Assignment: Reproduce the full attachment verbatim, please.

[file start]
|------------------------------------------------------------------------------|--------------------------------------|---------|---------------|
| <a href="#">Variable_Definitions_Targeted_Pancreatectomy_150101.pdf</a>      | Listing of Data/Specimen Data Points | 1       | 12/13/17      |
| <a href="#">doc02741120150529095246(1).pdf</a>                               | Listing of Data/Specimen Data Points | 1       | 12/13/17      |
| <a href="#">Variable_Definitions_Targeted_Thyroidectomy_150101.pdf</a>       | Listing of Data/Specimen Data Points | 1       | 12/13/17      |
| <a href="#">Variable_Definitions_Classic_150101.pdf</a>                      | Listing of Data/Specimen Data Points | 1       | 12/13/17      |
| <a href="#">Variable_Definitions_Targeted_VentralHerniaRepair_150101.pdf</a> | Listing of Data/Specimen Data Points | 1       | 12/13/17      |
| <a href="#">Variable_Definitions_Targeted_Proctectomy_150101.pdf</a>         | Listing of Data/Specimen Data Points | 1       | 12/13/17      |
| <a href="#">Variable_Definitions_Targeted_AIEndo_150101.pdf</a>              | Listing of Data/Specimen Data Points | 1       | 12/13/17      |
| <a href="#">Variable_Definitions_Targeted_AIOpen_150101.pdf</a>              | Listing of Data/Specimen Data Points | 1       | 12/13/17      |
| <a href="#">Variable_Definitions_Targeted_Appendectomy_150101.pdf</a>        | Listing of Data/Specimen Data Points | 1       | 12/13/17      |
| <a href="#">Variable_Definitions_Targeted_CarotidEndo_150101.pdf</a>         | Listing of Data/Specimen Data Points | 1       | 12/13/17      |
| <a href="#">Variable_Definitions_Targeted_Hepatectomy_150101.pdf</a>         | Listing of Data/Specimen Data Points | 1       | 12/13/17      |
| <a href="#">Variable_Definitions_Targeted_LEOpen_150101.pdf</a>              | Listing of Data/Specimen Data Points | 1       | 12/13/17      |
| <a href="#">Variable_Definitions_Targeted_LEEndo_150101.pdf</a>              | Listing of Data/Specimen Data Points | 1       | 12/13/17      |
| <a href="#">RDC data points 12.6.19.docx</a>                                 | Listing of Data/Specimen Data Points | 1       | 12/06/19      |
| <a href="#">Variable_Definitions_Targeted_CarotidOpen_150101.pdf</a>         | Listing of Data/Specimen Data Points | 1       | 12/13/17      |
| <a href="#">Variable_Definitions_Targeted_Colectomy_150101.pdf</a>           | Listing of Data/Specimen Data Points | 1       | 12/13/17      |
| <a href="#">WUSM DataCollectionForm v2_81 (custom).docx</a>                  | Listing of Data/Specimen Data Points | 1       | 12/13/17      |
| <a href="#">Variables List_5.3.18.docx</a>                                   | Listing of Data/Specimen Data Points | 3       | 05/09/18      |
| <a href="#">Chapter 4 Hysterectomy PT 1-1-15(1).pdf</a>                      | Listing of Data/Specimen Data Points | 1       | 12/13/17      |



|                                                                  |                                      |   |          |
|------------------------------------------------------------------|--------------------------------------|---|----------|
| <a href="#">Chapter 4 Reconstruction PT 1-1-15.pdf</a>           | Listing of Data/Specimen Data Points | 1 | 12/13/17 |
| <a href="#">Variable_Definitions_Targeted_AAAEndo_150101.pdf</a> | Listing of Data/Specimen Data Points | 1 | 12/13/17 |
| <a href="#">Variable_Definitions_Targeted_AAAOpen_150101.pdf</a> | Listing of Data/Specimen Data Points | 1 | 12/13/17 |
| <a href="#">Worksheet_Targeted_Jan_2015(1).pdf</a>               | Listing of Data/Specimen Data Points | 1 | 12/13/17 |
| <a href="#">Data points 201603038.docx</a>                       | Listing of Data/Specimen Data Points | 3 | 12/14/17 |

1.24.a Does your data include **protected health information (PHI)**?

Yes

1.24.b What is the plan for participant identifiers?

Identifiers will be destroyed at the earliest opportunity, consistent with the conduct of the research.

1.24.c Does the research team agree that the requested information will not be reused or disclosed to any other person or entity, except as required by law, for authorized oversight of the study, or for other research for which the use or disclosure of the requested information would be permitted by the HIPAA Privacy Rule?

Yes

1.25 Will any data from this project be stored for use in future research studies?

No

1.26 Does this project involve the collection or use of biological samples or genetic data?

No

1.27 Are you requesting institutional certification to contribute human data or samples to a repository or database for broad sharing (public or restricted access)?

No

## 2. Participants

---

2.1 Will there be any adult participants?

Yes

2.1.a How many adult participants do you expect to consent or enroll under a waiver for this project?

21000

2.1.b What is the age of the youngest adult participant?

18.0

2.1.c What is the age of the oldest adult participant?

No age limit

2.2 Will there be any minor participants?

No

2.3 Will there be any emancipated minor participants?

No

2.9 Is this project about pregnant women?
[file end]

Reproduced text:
|------------------------------------------------------------------------------|--------------------------------------|---------|---------------|
| <a href="#">Variable_Definitions_Targeted_Pancreatectomy_150101.pdf</a>      | Listing of Data/Specimen Data Points | 1       | 12/13/17      |
| <a href="#">doc02741120150529095246(1).pdf</a>                               | Listing of Data/Specimen Data Points | 1       | 12/13/17      |
| <a href="#">Variable_Definitions_Targeted_Thyroidectomy_150101.pdf</a>       | Listing of Data/Specimen Data Points | 1       | 12/13/17      |
| <a href="#">Variable_Definitions_Classic_150101.pdf</a>                      | Listing of Data/Specimen Data Points | 1       | 12/13/17      |
| <a href="#">Variable_Definitions_Targeted_VentralHerniaRepair_150101.pdf</a> | Listing of Data/Specimen Data Points | 1       | 12/13/17      |
| <a href="#">Variable_Definitions_Targeted_Proctectomy_150101.pdf</a>         | Listing of Data/Specimen Data Points | 1       | 12/13/17      |
| <a href="#">Variable_Definitions_Targeted_AIEndo_150101.pdf</a>              | Listing of Data/Specimen Data Points | 1       | 12/13/17      |
| <a href="#">Variable_Definitions_Targeted_AIOpen_150101.pdf</a>              | Listing of Data/Specimen Data Points | 1       | 12/13/17      |
| <a href="#">Variable_Definitions_Targeted_Appendectomy_150101.pdf</a>        | Listing of Data/Specimen Data Points | 1       | 12/13/17      |
| <a href="#">Variable_Definitions_Targeted_CarotidEndo_150101.pdf</a>         | Listing of Data/Specimen Data Points | 1       | 12/13/17      |
| <a href="#">Variable_Definitions_Targeted_Hepatectomy_150101.pdf</a>         | Listing of Data/Specimen Data Points | 1       | 12/13/17      |
| <a href="#">Variable_Definitions_Targeted_LEOpen_150101.pdf</a>              | Listing of Data/Specimen Data Points | 1       | 12/13/17      |
| <a href="#">Variable_Definitions_Targeted_LEEndo_150101.pdf</a>              | Listing of Data/Specimen Data Points | 1       | 12/13/17      |
| <a href="#">RDC data points 12.6.19.docx</a>                                 | Listing of Data/Specimen Data Points | 1       | 12/06/19      |
| <a href="#">Variable_Definitions_Targeted_CarotidOpen_150101.pdf</a>         | Listing of Data/Specimen Data Points | 1       | 12/13/17      |
| <a href="#">Variable_Definitions_Targeted_Colectomy_150101.pdf</a>           | Listing of Data/Specimen Data Points | 1       | 12/13/17      |
| <a href="#">WUSM DataCollectionForm v2_81 (custom).docx</a>                  | Listing of Data/Specimen Data Points | 1       | 12/13/17      |
| <a href="#">Variables List_5.3.18.docx</a>                                   | Listing of Data/Specimen Data Points | 3       | 05/09/18      |
| <a href="#">Chapter 4 Hysterectomy PT 1-1-15(1).pdf</a>                      | Listing of Data/Specimen Data Points | 1       | 12/13/17      |



|                                                                  |                                      |   |          |
|------------------------------------------------------------------|--------------------------------------|---|----------|
| <a href="#">Chapter 4 Reconstruction PT 1-1-15.pdf</a>           | Listing of Data/Specimen Data Points | 1 | 12/13/17 |
| <a href="#">Variable_Definitions_Targeted_AAAEndo_150101.pdf</a> | Listing of Data/Specimen Data Points | 1 | 12/13/17 |
| <a href="#">Variable_Definitions_Targeted_AAAOpen_150101.pdf</a> | Listing of Data/Specimen Data Points | 1 | 12/13/17 |
| <a href="#">Worksheet_Targeted_Jan_2015(1).pdf</a>               | Listing of Data/Specimen Data Points | 1 | 12/13/17 |
| <a href="#">Data points 201603038.docx</a>                       | Listing of Data/Specimen Data Points | 3 | 12/14/17 |

1.24.a Does your data include **protected health information (PHI)**?

Yes

1.24.b What is the plan for participant identifiers?

Identifiers will be destroyed at the earliest opportunity, consistent with the conduct of the research.

1.24.c Does the research team agree that the requested information will not be reused or disclosed to any other person or entity, except as required by law, for authorized oversight of the study, or for other research for which the use or disclosure of the requested information would be permitted by the HIPAA Privacy Rule?

Yes

1.25 Will any data from this project be stored for use in future research studies?

No

1.26 Does this project involve the collection or use of biological samples or genetic data?

No

1.27 Are you requesting institutional certification to contribute human data or samples to a repository or database for broad sharing (public or restricted access)?

No

## 2. Participants

---

2.1 Will there be any adult participants?

Yes

2.1.a How many adult participants do you expect to consent or enroll under a waiver for this project?

21000

2.1.b What is the age of the youngest adult participant?

18.0

2.1.c What is the age of the oldest adult participant?

No age limit

2.2 Will there be any minor participants?

No

2.3 Will there be any emancipated minor participants?

No

2.9 Is this project about pregnant women?